The recent soft economy was tough on everyone, but in one respect, it made life a little easier for IT managers. They could hang on to their IT talent. But lately, as the economy starts to heat up, and projects multiply, IT professionals have been harder to come by.
This is especially the case with younger professionals, CIOs say. Network World's Carolyn Duffy spoke with Marsan Louis Trebino, CIO and senior vice president at the Harry Fox Agency (HFA) in New York City, who reported all kinds of issues with younger staff and Java programmers. "No sooner does he hire a Java programmer and train him in the company's music industry niche, than the programmer is recruited away for a higher salary."
Money is one issue, and unwillingness to work on legacy systems is another, says Trebino:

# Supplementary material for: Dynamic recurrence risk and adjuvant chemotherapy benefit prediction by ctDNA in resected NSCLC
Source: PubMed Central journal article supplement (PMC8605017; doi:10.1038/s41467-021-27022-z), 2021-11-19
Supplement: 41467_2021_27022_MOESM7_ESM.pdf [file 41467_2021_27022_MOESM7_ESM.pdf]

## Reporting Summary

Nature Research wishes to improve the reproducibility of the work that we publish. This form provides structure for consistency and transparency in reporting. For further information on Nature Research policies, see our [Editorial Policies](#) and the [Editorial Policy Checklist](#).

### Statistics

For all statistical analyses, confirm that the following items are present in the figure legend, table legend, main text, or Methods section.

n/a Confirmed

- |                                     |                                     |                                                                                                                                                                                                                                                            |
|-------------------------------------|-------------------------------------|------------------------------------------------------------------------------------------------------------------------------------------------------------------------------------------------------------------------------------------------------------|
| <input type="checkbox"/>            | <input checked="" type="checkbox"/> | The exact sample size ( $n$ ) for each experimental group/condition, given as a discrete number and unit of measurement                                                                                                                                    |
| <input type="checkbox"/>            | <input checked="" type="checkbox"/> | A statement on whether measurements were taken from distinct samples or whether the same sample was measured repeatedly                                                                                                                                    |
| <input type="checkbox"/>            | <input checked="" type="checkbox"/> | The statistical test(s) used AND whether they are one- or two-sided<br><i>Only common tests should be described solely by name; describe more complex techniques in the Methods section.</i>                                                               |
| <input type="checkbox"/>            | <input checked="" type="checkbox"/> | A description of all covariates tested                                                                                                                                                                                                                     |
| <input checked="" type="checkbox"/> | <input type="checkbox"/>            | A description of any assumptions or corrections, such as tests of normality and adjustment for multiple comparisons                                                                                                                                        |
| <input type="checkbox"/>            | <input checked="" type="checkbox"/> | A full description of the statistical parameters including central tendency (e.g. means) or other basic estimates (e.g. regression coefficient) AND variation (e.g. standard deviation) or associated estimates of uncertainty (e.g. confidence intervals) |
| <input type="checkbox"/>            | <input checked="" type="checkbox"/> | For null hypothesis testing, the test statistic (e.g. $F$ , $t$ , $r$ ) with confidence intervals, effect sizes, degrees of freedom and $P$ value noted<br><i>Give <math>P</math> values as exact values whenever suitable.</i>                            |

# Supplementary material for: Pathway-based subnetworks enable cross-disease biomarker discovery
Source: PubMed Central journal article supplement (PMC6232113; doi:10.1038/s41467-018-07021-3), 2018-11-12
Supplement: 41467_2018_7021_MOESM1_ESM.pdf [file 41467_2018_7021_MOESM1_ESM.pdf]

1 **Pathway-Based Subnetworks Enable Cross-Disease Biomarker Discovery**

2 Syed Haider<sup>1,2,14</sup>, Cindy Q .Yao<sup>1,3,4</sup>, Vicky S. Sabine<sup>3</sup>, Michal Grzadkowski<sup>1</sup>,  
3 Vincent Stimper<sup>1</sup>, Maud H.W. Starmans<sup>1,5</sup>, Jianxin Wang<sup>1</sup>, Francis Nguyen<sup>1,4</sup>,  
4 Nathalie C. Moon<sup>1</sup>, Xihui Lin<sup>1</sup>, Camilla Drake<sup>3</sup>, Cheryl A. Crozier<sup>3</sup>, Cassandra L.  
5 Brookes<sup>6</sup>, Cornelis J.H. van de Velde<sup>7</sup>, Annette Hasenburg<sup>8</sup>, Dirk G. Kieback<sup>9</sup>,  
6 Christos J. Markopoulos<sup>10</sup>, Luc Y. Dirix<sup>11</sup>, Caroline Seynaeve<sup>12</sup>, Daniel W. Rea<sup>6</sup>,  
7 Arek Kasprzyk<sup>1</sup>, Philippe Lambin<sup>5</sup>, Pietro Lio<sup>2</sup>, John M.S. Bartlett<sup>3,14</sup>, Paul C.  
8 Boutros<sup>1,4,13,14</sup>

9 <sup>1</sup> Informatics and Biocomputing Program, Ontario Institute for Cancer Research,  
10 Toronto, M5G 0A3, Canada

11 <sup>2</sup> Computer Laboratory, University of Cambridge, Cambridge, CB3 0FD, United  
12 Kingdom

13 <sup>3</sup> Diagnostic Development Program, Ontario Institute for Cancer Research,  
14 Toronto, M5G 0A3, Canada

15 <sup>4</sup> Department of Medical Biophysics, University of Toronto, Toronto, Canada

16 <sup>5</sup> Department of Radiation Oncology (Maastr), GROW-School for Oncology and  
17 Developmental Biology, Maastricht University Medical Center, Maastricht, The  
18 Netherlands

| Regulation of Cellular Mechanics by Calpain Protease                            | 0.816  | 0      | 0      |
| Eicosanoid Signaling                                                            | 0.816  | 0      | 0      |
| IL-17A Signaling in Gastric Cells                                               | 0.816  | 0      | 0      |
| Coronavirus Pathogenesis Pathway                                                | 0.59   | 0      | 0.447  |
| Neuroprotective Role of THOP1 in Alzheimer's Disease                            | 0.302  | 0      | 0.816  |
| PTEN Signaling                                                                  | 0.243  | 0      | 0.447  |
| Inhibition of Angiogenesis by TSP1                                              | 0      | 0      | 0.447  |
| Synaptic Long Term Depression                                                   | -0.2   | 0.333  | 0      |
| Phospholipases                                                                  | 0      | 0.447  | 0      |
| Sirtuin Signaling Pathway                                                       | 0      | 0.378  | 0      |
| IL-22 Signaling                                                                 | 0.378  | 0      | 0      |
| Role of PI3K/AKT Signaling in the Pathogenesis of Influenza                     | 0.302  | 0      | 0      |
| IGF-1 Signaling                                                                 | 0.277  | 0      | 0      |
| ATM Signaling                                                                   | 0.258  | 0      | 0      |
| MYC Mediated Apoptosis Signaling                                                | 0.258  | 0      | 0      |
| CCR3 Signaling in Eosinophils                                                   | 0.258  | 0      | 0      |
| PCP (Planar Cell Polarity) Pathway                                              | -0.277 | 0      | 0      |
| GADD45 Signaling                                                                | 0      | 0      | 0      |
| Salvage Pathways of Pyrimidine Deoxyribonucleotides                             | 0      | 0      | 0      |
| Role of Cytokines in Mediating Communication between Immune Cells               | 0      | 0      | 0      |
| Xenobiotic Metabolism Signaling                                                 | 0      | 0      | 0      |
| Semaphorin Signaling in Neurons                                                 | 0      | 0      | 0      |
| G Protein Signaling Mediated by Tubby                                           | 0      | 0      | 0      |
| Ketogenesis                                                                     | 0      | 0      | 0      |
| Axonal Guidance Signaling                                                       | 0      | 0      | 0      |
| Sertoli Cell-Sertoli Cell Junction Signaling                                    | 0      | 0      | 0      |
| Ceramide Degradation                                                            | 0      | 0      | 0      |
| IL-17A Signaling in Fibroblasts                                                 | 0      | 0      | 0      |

"They don't want to deal with something that's existing. Our systems are fairly large and complex. They've been built and evolved over a number of years. They're not off-the-shelf; everything is custom. Younger workers get frustrated by these applications. They don't understand why the program does this. They want to just write something fresh...."
To address this sense of alienation, Trebino says he is promoting greater ownership of projects in which IT professionals are given greater latitude in technology decisions. They are working closer with business users as well -- adopting Agile techniques.
This is a time when new technology-oriented companies and startups are bursting foward across the business landscape, and slurping up talent. Enterprises will need to formulate smarter and more creative ways to attract and keep the talent they need to build new business capabilities. Automation, cloud and outsourcing are ways to address IT needs, but these just meet current and known requirements -- but don't help the business look forward. If a business is to grow, it needs active minds on board that can discover new ways to leverage business technology.